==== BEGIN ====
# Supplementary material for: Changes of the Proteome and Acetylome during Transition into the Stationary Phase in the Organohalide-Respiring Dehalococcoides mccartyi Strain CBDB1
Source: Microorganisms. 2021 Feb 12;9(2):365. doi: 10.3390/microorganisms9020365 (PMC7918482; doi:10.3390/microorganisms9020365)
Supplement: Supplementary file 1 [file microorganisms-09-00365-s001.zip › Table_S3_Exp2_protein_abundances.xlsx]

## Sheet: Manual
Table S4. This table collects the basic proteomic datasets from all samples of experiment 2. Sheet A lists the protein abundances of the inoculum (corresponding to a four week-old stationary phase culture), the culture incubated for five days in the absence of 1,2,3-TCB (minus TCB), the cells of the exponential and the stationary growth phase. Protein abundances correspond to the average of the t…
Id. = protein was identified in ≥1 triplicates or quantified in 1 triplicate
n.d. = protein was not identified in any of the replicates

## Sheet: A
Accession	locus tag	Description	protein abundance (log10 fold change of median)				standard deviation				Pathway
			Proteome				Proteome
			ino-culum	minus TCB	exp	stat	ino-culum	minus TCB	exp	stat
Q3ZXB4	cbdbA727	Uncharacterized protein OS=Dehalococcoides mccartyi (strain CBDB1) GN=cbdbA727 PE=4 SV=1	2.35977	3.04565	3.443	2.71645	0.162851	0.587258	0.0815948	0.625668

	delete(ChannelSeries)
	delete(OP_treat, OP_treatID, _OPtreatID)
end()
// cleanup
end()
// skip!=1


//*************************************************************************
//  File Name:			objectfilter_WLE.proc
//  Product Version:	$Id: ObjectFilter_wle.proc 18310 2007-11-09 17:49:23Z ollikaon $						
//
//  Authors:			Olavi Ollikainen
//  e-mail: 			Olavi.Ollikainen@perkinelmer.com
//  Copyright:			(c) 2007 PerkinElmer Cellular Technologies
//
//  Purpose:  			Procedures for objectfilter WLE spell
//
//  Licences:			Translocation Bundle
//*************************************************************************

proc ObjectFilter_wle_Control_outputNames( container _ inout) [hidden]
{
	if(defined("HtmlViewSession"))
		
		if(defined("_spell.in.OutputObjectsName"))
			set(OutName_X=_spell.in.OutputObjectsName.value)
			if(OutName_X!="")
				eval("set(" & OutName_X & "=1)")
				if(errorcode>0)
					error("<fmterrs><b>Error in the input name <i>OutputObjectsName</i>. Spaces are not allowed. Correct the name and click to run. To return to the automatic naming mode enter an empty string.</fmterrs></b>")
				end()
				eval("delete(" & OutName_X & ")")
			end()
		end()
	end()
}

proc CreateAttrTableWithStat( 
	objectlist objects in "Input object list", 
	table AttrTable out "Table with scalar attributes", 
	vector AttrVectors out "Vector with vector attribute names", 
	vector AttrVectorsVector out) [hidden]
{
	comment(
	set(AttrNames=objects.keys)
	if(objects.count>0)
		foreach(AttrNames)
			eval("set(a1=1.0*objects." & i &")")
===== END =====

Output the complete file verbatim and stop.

# Supplementary material for: Changes of the Proteome and Acetylome during Transition into the Stationary Phase in the Organohalide-Respiring Dehalococcoides mccartyi Strain CBDB1
Source: Microorganisms. 2021 Feb 12;9(2):365. doi: 10.3390/microorganisms9020365 (PMC7918482; doi:10.3390/microorganisms9020365)
Supplement: Supplementary file 1 [file microorganisms-09-00365-s001.zip › Table_S3_Exp2_protein_abundances.xlsx]

## Sheet: Manual
Table S4. This table collects the basic proteomic datasets from all samples of experiment 2. Sheet A lists the protein abundances of the inoculum (corresponding to a four week-old stationary phase culture), the culture incubated for five days in the absence of 1,2,3-TCB (minus TCB), the cells of the exponential and the stationary growth phase. Protein abundances correspond to the average of the t…
Id. = protein was identified in ≥1 triplicates or quantified in 1 triplicate
n.d. = protein was not identified in any of the replicates

## Sheet: A
Accession	locus tag	Description	protein abundance (log10 fold change of median)				standard deviation				Pathway
			Proteome				Proteome
			ino-culum	minus TCB	exp	stat	ino-culum	minus TCB	exp	stat
Q3ZXB4	cbdbA727	Uncharacterized protein OS=Dehalococcoides mccartyi (strain CBDB1) GN=cbdbA727 PE=4 SV=1	2.35977	3.04565	3.443	2.71645	0.162851	0.587258	0.0815948	0.625668

	delete(ChannelSeries)
	delete(OP_treat, OP_treatID, _OPtreatID)
end()
// cleanup
end()
// skip!=1


//*************************************************************************
//  File Name:			objectfilter_WLE.proc
//  Product Version:	$Id: ObjectFilter_wle.proc 18310 2007-11-09 17:49:23Z ollikaon $						
//
//  Authors:			Olavi Ollikainen
//  e-mail: 			Olavi.Ollikainen@perkinelmer.com
//  Copyright:			(c) 2007 PerkinElmer Cellular Technologies
//
//  Purpose:  			Procedures for objectfilter WLE spell
//
//  Licences:			Translocation Bundle
//*************************************************************************

proc ObjectFilter_wle_Control_outputNames( container _ inout) [hidden]
{
	if(defined("HtmlViewSession"))
		
		if(defined("_spell.in.OutputObjectsName"))
			set(OutName_X=_spell.in.OutputObjectsName.value)
			if(OutName_X!="")
				eval("set(" & OutName_X & "=1)")
				if(errorcode>0)
					error("<fmterrs><b>Error in the input name <i>OutputObjectsName</i>. Spaces are not allowed. Correct the name and click to run. To return to the automatic naming mode enter an empty string.</fmterrs></b>")
				end()
				eval("delete(" & OutName_X & ")")
			end()
		end()
	end()
}

proc CreateAttrTableWithStat( 
	objectlist objects in "Input object list", 
	table AttrTable out "Table with scalar attributes", 
	vector AttrVectors out "Vector with vector attribute names", 
	vector AttrVectorsVector out) [hidden]
{
	comment(
	set(AttrNames=objects.keys)
	if(objects.count>0)
		foreach(AttrNames)
			eval("set(a1=1.0*objects." & i &")")